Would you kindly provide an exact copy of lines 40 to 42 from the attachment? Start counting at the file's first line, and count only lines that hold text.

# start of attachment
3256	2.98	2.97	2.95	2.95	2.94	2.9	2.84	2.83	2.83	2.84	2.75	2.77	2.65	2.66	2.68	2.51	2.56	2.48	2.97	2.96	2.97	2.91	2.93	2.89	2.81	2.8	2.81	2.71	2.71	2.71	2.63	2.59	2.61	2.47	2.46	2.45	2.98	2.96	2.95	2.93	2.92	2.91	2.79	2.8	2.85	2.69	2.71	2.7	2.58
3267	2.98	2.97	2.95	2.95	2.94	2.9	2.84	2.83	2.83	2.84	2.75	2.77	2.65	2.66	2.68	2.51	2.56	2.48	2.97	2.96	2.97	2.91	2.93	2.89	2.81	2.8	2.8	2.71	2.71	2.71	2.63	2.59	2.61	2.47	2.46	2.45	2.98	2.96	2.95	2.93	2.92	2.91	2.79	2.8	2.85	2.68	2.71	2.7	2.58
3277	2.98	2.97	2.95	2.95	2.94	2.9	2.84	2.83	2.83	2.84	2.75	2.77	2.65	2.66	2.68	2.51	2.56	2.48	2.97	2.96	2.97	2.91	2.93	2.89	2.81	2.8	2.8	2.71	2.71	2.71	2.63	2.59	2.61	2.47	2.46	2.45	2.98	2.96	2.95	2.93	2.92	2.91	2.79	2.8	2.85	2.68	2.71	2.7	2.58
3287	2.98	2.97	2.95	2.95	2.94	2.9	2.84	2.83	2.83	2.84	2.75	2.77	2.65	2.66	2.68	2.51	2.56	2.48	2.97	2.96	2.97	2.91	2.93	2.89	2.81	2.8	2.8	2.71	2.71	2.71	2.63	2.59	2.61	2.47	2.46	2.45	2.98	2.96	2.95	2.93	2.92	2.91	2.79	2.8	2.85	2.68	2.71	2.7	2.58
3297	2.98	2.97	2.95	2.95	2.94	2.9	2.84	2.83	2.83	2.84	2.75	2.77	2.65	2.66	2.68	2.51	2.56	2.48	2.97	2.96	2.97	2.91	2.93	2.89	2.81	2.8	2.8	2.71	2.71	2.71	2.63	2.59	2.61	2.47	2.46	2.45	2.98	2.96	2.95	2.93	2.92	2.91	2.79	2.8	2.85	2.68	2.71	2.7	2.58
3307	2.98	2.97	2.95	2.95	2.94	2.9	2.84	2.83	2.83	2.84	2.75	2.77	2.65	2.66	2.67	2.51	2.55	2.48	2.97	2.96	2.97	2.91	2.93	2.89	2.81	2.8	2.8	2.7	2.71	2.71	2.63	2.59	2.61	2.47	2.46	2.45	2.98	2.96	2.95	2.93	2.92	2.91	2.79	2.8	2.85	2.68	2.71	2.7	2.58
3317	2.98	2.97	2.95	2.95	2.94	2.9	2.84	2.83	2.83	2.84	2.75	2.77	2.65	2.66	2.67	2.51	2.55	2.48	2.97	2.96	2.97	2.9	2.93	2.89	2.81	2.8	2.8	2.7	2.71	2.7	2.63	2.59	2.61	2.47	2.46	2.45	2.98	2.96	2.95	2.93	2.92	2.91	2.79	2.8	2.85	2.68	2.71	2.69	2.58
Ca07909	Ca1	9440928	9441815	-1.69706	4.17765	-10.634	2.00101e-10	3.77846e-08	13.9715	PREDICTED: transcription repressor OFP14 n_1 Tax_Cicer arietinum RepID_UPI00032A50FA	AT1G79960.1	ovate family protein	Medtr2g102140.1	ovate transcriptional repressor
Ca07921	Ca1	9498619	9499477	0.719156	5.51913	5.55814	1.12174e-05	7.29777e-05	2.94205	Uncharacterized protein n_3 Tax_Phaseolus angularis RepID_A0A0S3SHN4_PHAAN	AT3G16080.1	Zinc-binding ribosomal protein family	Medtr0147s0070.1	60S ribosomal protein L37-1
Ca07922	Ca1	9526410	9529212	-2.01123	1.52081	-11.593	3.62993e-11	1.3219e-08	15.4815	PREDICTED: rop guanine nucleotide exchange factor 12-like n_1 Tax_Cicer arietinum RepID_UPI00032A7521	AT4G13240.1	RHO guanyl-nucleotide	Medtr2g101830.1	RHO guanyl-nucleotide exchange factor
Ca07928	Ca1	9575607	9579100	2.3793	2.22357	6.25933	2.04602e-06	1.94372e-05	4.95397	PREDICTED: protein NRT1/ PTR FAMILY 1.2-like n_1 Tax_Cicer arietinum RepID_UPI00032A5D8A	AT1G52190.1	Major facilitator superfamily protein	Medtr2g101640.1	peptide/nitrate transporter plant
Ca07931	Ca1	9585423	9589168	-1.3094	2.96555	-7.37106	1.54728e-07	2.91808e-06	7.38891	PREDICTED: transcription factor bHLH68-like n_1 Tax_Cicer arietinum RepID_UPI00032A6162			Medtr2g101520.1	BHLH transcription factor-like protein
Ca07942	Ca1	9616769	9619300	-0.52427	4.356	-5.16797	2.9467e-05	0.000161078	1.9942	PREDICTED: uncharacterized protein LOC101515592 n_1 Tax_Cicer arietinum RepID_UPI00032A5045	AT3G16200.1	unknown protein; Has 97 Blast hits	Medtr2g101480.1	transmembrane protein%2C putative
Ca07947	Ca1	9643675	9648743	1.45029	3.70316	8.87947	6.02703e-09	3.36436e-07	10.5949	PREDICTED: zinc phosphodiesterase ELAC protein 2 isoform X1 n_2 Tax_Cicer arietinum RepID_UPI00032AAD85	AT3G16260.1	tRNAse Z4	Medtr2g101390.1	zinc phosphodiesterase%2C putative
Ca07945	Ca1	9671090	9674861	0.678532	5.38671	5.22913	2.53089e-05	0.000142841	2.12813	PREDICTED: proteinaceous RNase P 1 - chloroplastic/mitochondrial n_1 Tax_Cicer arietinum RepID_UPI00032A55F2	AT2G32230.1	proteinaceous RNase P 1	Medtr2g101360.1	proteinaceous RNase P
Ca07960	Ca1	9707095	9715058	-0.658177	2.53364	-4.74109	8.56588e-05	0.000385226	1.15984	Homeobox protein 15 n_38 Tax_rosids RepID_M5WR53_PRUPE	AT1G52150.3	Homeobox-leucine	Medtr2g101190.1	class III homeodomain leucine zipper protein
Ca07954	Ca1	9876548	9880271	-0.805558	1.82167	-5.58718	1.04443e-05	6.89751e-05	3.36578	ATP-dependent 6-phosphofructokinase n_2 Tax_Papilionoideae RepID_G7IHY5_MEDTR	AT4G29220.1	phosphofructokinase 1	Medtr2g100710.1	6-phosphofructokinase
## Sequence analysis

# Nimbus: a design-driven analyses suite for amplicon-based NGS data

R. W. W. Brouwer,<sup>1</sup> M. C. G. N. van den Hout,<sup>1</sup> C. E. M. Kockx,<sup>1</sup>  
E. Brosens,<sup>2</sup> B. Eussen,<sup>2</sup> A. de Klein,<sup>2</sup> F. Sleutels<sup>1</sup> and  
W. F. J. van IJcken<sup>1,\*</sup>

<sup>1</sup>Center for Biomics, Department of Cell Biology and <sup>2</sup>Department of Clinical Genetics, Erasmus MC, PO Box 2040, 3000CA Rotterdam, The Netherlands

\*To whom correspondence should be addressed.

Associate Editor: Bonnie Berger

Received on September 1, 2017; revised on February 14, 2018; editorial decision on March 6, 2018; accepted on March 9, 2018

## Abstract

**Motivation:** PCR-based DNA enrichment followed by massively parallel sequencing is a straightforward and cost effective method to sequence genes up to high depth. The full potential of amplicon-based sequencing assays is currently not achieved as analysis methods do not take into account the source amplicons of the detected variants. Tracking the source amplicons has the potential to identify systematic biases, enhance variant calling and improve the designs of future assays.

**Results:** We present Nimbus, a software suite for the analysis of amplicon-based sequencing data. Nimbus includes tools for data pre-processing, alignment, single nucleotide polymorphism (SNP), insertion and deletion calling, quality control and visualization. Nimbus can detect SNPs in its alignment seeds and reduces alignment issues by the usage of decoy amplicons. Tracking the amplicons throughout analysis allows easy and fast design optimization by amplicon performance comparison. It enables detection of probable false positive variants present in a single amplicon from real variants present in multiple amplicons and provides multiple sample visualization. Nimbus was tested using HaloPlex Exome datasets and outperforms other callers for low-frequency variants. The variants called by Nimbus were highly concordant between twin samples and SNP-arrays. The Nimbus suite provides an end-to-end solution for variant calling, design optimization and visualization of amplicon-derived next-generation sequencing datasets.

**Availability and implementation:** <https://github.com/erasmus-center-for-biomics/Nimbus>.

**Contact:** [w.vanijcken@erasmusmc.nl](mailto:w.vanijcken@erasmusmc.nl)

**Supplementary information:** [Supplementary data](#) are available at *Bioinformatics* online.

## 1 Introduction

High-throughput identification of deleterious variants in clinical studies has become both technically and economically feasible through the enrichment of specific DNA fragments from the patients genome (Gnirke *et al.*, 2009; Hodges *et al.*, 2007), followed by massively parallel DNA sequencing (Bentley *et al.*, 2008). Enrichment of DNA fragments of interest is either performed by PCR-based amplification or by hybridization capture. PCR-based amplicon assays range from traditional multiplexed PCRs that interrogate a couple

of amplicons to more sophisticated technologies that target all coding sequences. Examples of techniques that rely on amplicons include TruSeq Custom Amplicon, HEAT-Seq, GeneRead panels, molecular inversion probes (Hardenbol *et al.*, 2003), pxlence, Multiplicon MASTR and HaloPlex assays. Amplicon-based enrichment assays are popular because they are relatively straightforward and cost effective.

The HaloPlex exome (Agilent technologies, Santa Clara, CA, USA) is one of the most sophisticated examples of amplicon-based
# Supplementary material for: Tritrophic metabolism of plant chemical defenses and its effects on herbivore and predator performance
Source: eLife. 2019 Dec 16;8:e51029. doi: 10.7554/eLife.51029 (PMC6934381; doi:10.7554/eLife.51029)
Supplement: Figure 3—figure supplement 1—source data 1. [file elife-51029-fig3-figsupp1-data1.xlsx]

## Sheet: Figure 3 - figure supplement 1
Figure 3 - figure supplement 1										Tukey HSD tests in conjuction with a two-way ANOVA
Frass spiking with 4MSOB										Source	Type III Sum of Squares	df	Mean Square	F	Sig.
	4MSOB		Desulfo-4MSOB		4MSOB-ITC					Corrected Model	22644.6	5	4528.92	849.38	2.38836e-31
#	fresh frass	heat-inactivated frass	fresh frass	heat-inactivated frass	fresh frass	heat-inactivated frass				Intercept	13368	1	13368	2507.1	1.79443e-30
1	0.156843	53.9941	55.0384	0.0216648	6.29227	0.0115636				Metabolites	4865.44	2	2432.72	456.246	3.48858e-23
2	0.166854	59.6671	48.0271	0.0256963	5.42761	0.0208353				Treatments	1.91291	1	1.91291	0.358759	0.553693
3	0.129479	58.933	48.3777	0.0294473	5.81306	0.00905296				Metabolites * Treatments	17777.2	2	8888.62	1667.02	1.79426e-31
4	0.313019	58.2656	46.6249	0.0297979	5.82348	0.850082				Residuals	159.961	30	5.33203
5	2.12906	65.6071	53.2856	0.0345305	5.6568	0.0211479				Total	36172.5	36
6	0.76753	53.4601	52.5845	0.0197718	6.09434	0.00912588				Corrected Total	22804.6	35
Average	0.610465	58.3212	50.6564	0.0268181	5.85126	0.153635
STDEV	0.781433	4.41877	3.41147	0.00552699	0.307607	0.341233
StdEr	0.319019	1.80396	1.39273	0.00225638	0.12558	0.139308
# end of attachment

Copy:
## Sheet: Figure 3 - figure supplement 1
Figure 3 - figure supplement 1										Tukey HSD tests in conjuction with a two-way ANOVA
Frass spiking with 4MSOB										Source	Type III Sum of Squares	df	Mean Square	F	Sig.